Thank you, Elizabeth. And thank you Jack, for those words.

Illustrate and Write On,

Tuesday, October 10, 2017

Racism, Growth of an Author/Illustrator, and Context: A Museum and Children's Book Creators Grapple with the "right" thing to do

So the Dr. Seuss museum had a mural painted on a main museum wall, illustrations from Dr. Seuss' first book, "And to Think That I Saw It on Mulberry Street.." (Mulberry street is only blocks from the museum's Springfield, Massachusetts location.) These illustrations included what today is understood to be a racist stereotype of a Chinese man.

Three children's book creators, Lisa Yee, Mike Curato, and Mo Willems were invited to a festival at the museum. They pulled out to protest the museum's lack of context for the mural, protesting the idea that the image would be seen by children and not interpreted in the scope of Dr. Seuss' evolution as an artist and a human being.

The festival was cancelled and the mural will be "replaced."

It's been reported in multiple sources, but I'd suggest you read the very well-considered post about this at Grace Lin's blog here.

It's interesting to consider both our power as children's book creators and how people (and even institutions) can evolve over time and go from buying into racial stereotypes to promoting tolerance, acceptance, and even celebrating differences.

Illustrate and Write On,

Thursday, October 5, 2017

Continuity of Subject: A Portfolio Checklist from Rosanne Kakos-Main courtesy of Harold Underdown's

Getting out of the Art File over at Harold Underdown's The Purple Crayon website has lots of great advice for illustrators.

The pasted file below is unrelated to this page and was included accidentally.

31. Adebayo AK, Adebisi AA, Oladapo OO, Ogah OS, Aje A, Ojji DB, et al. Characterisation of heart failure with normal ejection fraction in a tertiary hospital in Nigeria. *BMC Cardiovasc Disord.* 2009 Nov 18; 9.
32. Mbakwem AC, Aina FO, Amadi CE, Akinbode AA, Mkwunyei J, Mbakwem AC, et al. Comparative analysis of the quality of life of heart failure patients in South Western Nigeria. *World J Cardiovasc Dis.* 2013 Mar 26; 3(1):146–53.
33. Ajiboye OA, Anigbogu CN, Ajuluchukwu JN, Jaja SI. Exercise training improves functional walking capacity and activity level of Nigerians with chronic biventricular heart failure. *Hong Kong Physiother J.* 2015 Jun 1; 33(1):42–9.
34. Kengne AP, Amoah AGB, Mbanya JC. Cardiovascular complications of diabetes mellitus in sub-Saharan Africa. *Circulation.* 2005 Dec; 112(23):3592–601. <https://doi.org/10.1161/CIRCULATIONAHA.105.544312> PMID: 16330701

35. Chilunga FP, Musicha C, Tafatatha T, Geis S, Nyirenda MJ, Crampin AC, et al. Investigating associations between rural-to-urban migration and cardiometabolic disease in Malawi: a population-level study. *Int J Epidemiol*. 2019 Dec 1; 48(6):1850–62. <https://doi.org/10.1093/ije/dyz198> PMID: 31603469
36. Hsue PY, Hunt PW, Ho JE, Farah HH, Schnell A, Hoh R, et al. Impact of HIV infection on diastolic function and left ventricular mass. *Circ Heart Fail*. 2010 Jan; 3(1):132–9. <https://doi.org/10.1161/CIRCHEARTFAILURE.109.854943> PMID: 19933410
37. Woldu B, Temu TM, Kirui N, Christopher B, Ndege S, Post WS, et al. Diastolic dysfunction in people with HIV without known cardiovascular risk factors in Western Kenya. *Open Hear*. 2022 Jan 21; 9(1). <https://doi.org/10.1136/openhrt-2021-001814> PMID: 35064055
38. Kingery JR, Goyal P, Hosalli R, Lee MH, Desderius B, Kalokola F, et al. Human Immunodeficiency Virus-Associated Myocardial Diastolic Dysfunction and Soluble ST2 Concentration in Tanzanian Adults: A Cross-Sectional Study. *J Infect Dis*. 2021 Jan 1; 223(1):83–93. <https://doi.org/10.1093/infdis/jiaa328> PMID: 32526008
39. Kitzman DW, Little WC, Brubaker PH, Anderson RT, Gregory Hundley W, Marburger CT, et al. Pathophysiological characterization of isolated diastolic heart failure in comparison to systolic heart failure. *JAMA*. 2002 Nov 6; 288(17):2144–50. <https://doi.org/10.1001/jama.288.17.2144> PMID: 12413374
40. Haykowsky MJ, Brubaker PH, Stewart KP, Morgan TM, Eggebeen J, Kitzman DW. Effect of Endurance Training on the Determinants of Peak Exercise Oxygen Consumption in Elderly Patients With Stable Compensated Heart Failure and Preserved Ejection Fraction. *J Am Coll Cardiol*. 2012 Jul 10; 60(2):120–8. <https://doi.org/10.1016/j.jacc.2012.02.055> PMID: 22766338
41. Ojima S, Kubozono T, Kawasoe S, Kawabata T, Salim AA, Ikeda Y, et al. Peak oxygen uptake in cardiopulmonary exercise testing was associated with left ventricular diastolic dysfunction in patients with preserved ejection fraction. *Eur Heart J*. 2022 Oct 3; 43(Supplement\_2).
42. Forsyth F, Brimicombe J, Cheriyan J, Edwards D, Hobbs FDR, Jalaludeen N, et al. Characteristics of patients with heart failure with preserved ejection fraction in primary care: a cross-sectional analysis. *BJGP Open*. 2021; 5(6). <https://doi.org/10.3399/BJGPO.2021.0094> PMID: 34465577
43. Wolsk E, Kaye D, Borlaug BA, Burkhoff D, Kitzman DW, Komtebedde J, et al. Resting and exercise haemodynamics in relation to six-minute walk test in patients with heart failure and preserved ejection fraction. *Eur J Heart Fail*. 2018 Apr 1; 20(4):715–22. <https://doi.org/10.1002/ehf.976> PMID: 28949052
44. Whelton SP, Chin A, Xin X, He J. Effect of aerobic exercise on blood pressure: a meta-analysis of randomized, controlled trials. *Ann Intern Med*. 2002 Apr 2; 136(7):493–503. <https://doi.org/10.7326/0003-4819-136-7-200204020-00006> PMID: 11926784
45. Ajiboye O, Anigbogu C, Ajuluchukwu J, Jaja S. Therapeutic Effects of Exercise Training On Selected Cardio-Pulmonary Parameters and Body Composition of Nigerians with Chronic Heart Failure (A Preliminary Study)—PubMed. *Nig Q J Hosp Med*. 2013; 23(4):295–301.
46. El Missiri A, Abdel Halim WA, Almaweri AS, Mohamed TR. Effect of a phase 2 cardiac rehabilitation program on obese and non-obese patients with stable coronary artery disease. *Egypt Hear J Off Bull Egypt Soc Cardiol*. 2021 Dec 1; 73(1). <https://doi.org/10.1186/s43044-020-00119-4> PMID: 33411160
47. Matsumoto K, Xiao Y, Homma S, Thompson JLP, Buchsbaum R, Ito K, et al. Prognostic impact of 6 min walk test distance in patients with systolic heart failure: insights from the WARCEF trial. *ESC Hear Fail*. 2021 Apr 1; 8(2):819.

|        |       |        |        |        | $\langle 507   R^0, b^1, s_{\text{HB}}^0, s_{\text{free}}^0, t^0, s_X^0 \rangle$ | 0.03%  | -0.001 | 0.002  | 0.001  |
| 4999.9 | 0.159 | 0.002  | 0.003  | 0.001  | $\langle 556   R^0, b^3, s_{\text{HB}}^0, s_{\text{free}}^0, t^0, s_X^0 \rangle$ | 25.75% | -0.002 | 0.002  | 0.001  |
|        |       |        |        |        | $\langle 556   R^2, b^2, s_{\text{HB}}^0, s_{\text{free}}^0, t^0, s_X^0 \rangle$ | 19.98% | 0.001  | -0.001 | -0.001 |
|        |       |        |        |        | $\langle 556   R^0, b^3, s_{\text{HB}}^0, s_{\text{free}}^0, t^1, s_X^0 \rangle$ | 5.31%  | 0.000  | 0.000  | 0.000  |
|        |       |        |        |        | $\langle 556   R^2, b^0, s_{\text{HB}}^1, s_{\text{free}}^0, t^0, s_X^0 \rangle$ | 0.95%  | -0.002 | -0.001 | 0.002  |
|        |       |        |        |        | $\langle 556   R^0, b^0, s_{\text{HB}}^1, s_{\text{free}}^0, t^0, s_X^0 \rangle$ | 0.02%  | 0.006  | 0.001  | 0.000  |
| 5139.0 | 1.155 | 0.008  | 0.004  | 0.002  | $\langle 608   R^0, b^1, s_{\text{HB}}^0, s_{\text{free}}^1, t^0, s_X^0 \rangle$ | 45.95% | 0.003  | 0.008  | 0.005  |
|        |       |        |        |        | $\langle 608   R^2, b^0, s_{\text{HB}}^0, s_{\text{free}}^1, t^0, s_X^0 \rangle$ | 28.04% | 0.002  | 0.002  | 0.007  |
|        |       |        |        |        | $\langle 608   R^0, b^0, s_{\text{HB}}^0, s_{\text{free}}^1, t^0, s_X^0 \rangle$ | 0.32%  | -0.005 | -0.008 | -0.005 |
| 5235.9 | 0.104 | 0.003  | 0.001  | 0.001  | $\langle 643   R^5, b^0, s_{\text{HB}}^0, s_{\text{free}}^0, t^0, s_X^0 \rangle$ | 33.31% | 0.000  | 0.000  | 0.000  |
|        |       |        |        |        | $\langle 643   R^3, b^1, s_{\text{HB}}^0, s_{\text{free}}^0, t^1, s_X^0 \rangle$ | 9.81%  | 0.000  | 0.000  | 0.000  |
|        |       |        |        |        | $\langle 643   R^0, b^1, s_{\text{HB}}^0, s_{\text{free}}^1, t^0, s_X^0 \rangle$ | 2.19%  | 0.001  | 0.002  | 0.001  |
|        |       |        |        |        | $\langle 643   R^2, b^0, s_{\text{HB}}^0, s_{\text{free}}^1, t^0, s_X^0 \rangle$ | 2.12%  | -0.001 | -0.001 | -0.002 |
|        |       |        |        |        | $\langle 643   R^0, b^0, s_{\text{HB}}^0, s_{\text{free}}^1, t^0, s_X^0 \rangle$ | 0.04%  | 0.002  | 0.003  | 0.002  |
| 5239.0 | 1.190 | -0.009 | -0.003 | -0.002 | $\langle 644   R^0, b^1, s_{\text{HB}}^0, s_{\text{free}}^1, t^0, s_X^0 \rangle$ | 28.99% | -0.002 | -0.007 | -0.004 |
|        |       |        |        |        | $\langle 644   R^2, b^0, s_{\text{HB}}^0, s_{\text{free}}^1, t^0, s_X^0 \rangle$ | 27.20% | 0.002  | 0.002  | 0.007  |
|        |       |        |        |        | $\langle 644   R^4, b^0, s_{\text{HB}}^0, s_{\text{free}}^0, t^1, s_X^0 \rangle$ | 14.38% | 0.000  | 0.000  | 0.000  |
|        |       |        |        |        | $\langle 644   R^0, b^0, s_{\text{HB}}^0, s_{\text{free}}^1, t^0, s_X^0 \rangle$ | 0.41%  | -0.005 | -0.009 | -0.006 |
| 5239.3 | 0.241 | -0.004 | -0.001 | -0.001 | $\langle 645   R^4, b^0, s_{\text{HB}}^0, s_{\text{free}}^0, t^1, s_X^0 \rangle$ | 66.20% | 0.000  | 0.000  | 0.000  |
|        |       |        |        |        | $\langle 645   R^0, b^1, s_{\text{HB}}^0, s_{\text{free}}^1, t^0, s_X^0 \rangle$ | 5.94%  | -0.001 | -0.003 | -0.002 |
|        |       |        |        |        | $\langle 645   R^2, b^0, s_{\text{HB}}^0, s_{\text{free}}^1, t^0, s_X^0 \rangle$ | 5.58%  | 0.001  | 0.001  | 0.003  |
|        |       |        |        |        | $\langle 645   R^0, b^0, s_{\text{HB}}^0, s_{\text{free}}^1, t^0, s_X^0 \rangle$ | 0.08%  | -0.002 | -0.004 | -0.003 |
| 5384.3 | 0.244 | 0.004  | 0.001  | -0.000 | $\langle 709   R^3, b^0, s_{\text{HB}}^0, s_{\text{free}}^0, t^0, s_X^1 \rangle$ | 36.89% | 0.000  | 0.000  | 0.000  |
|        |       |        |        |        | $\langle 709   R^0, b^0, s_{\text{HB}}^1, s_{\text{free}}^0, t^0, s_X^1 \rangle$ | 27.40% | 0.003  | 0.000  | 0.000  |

Harold's amazing resource, Writing, Illustrating, and Publishing Children's Books: The Purple Crayon website

What struck me most was the list of tips from designer Rosanne Kakos-Main for illustrators to consider when putting together their portfolios, that included:

Continuity of Subject: Can you illustrate the same subject from different points of view, in different situations, showing different feelings?
It's a point well-worth considering, because it can prove to an editor and art director that you're ready to handle a project where we visually follow the same character in different circumstances.

Read the full article here.

Thanks, Rosanne and Harold!

Illustrate and Write On,

Tuesday, October 3, 2017

#PubForPR! An Auction to Aid Puerto Rico Hurricane Relief

A very worthy cause!

The Publishing for Puerto Rico auction starts Monday, October 2nd at 9 AM Eastern and ends Thursday, October 5th at 10 PM Eastern.

Find out more (and get bidding) at http://pubforpr.wordpress.com

And as Lily Meade explains in the video above, if you can't contribute money, know you can still help by amplifying the message!

Here's to doing good, and moving our career journeys forward at the same time!